Perhaps my patch walks should take in one of the bridges over the M42?

You think I'm joking? Watch this space!

Monday, April 13, 2009

8 Mile

Another Sunday, another marathon walk through the patch. Earlswood Lakes was the destination, with a number of species targeted.

On the whole, it was very successful. I picked up my first blackcap and willow warbler around the lakes and in the surrounding woodland. There was a bonus too when an oystercatcher flew over the lakes as I scanned unsuccessfully for common terns and grey wagtails.

Other birds that I had hoped to get included kingfisher, common sandpiper and sand martin, but none were spotted.

Following up a bit of gen given to me by Earlswood stalwart Matt Griffiths, I devoted a bit of time to the area around the Hungry Horse, a short distance from the lakes. This was time well spent, with three linnets in the area - not an easy bird to see on the patch. Also noted were three lapwings, a few stock dove and three swallows. A skylark sang in a nearby field.

I chose to come back home via Lea Green Lane, where I think I spotted two house martins. Potentially another tick, but I wasn't entirely confident about identifying them based on the very brief views I had, so they will have to wait for another day.

The fields that border Gorsey Lane failed to deliver anything better than chiffchaff, another blackcap, common buzzard and a male bullfinch. So much for it being a possible migrant trap then!

An impressive 8.4 miles were added to the total mileage today.

Birds Seen On Foot 2009: 68

Distance travelled: 64.3 miles


A second stab at the local barn owls last night. I had a brief glimpse of one at about 8:45pm, flying low towards the trees on Gorsey Lane, followed by a typical ghostly shriek minutes later.

I'm starting to see one or two bats flying around at dusk now too. As yet, I've not heard any tawny owls in the neighbourhood, but I'm sure they're around and I hope to see one from the garden again this year. It would be a great bird for the patch list.

Next Sunday I'm keen to get out to one or two different sites. I would dearly love to find ring ouzels on passage, plus my devotion to the patch this year has meant that I've not visited some of my favourite places. With some great birds set to appear, I think it's time I ventured further afield and bagged one or two of them.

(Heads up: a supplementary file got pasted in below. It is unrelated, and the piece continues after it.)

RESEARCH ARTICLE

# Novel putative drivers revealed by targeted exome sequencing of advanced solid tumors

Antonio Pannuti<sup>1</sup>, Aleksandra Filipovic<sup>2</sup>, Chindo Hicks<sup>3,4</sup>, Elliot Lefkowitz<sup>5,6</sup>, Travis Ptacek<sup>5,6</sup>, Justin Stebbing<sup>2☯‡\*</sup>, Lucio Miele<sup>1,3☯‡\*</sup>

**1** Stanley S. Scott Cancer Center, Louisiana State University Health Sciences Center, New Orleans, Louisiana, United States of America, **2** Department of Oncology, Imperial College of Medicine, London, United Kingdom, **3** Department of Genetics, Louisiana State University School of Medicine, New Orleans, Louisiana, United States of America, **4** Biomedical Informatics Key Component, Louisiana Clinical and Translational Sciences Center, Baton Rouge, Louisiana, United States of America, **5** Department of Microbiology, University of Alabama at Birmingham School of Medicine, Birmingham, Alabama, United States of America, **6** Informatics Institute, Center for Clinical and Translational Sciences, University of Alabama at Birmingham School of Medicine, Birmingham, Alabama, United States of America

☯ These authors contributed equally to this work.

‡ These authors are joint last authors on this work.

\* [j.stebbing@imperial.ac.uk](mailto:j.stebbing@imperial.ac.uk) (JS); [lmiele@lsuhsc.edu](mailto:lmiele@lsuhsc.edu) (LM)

Friday, April 10, 2009

I See You Baby

Okay, maybe it wasn't exactly shaking its ass, but the little owl that I see from time to time on the patch did finally pose for a few snaps this morning.


I was in the car this morning as I had a limited window within which to do any birding. Having watched the owl for half an hour or more, I paid a visit to the magic field to check on the resident lapwings. I counted seven birds in the vicinity this morning, but there could have easily been more. When they hunker down in the vegetation they aren't always easy to spot.

I've got some proper patch birding lined up for Sunday morning, when I'll be walking to Earlswood Lakes. I'm hoping this will add a few species to the list. I have, however, been able to increase my count for the year by two without leaving the house - well, not unless you count venturing out of the kitchen door into the back garden!

Yesterday evening something told me it was time to start looking for barn owls, which are a fairly regular sight over my garden during the summer. I was finally rewarded just before 9:00pm when an owl flew over. Patch tick number 63.

Then today I happened to glance out of the kitchen window to see a swallow fly over the house. Patch tick 64. The target of 75 patch ticks this year looks to be within reach, but I still reckon I've got some work to do to achieve it. There aren't that many birds that I can guarantee seeing on the patch before the year is out, bearing in mind that I will have to be on foot when I see them. That virtually rules out a trip to Bittell reservoirs, which would otherwise be very productive.